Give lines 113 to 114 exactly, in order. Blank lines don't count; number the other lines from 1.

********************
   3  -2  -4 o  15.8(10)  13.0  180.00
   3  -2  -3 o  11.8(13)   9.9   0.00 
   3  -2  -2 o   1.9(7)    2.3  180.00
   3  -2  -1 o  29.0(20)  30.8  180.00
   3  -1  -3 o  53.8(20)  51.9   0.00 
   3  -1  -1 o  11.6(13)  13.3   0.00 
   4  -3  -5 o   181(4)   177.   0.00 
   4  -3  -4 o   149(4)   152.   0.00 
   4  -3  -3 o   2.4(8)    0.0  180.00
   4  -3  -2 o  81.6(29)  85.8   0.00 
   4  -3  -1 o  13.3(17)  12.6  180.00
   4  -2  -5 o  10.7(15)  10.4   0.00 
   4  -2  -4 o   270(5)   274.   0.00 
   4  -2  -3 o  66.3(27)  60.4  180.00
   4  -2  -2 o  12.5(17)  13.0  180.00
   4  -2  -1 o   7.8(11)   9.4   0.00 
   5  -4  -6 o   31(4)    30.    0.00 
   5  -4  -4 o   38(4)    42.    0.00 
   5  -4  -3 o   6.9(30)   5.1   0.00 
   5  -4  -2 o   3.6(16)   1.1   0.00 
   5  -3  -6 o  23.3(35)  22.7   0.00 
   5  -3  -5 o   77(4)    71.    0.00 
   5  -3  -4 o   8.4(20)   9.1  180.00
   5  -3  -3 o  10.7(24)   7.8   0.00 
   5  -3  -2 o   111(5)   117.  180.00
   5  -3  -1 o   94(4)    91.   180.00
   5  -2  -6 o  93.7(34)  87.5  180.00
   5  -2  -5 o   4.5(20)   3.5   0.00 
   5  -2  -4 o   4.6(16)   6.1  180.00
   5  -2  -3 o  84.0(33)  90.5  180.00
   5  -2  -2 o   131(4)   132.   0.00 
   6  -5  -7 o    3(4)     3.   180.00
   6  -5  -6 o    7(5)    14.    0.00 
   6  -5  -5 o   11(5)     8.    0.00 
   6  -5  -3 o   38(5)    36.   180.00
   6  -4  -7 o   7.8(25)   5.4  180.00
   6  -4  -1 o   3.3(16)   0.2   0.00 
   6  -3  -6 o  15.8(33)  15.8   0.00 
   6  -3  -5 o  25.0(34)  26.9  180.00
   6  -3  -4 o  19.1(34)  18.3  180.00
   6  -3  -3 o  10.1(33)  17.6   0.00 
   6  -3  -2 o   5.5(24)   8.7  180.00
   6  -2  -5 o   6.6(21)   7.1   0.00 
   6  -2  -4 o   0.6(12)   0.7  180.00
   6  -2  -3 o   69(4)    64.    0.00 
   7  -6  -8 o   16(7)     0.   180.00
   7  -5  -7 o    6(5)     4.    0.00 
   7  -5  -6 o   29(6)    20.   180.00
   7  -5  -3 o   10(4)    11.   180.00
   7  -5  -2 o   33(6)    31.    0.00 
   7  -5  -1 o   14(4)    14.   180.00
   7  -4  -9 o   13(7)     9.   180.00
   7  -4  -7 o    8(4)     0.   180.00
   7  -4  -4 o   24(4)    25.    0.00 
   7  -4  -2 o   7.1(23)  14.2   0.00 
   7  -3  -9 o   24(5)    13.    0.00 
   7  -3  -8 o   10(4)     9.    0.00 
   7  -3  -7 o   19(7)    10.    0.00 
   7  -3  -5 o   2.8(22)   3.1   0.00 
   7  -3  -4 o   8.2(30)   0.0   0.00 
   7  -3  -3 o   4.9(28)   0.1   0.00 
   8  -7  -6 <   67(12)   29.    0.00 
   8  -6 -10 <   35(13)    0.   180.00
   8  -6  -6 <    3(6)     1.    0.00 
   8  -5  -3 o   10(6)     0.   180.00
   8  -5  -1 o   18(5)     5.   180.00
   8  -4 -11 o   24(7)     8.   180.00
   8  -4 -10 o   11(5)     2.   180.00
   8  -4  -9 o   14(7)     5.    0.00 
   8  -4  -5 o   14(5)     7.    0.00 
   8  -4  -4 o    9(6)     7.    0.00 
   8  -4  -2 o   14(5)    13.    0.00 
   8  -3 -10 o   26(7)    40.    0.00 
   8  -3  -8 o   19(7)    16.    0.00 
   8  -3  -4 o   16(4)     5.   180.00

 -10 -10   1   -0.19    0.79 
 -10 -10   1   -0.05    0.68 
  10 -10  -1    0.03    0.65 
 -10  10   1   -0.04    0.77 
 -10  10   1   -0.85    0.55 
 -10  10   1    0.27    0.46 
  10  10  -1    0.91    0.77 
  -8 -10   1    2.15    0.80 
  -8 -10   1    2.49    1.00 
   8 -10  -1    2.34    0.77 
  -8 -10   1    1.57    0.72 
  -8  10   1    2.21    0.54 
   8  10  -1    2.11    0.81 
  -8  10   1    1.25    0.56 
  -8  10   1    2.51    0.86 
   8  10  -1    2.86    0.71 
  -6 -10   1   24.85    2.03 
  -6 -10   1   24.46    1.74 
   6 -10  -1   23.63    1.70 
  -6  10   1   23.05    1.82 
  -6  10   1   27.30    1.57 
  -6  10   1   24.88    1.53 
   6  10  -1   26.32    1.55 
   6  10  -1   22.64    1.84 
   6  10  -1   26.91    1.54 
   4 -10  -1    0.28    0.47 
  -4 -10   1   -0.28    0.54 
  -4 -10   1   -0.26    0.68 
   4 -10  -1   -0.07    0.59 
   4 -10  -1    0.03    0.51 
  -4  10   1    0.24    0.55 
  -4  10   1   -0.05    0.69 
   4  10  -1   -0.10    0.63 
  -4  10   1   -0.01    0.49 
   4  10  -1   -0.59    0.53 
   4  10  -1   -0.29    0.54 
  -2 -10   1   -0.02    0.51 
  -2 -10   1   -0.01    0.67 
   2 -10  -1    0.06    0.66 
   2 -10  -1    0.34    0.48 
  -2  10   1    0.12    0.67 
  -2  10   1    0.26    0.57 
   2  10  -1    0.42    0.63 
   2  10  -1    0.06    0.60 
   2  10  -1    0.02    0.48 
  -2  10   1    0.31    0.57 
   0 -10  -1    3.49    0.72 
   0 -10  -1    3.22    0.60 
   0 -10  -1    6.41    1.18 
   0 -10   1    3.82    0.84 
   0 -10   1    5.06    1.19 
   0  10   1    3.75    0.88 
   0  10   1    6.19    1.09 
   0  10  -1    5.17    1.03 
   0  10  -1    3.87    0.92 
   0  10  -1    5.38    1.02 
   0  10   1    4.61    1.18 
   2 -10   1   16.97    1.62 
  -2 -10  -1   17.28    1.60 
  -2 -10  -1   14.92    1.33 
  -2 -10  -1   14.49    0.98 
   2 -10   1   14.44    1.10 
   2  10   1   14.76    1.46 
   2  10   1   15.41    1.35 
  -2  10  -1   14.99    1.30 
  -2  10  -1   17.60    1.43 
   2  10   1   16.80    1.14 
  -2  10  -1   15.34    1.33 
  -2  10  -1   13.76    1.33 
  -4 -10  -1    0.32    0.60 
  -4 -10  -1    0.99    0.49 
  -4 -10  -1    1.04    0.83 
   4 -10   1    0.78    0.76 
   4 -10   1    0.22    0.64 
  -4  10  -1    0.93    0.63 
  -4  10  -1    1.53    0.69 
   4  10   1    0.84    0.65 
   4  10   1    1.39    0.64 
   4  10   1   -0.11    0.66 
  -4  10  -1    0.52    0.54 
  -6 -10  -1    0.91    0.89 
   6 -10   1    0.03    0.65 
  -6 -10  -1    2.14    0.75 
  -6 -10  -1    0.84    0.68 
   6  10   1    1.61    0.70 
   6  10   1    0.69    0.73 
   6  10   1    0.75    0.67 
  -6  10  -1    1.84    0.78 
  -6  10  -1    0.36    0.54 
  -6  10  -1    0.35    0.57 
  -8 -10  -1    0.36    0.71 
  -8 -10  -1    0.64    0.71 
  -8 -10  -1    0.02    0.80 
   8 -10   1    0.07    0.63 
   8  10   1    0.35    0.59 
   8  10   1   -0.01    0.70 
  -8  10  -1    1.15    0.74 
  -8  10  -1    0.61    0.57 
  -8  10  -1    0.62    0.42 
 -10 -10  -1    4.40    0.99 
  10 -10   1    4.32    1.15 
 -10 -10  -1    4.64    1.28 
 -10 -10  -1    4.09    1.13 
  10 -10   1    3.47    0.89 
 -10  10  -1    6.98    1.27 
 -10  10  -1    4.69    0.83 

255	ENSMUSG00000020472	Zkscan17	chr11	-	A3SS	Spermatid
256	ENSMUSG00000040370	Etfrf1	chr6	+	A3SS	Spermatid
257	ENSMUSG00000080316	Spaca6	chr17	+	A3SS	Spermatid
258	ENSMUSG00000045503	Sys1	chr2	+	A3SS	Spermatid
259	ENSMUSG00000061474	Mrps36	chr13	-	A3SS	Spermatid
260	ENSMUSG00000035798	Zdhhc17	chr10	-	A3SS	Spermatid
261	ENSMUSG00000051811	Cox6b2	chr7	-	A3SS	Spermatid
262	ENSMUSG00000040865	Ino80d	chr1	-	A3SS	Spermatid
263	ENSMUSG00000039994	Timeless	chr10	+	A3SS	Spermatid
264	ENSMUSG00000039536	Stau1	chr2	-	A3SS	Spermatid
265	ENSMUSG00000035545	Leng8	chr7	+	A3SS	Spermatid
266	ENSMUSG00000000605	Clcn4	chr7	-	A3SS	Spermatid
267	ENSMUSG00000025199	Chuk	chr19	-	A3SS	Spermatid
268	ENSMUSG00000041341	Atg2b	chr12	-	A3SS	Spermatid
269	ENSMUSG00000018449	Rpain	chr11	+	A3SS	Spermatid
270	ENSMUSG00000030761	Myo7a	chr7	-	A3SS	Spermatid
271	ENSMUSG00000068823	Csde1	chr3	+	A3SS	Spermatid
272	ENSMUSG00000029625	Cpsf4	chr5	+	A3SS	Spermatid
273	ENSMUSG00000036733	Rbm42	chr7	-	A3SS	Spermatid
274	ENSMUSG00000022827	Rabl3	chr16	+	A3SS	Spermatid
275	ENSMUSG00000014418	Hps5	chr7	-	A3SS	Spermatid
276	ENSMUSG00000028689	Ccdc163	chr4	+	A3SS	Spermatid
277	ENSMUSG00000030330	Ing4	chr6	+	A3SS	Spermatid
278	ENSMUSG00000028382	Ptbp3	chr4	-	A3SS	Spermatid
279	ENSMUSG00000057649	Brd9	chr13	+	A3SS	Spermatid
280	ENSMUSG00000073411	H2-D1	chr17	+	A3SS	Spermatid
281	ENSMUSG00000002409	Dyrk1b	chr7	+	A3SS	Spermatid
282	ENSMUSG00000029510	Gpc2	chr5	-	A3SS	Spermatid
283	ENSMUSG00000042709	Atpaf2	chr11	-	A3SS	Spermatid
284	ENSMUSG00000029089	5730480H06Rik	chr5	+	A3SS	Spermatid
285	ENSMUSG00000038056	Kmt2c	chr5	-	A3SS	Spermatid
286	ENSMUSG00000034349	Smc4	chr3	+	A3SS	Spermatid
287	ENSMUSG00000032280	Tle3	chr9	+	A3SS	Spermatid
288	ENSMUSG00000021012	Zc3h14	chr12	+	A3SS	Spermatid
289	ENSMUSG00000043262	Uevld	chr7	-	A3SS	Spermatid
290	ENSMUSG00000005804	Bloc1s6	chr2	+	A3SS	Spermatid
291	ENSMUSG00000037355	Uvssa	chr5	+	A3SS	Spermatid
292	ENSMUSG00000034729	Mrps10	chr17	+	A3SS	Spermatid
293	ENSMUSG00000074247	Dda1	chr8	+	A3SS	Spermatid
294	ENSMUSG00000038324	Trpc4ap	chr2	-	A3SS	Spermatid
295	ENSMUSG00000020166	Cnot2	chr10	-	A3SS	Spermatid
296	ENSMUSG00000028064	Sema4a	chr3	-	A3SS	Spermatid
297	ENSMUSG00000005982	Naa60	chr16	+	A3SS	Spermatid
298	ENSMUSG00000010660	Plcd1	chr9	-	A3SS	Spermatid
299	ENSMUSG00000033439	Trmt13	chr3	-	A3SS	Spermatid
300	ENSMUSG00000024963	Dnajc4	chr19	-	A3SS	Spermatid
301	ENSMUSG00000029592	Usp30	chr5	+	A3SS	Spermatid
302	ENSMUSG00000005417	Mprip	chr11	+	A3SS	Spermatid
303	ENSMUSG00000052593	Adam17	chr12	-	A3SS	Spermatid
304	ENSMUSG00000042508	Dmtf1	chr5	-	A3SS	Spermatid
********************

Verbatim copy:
  -2 -10   1   -0.01    0.67 
   2 -10  -1    0.06    0.66 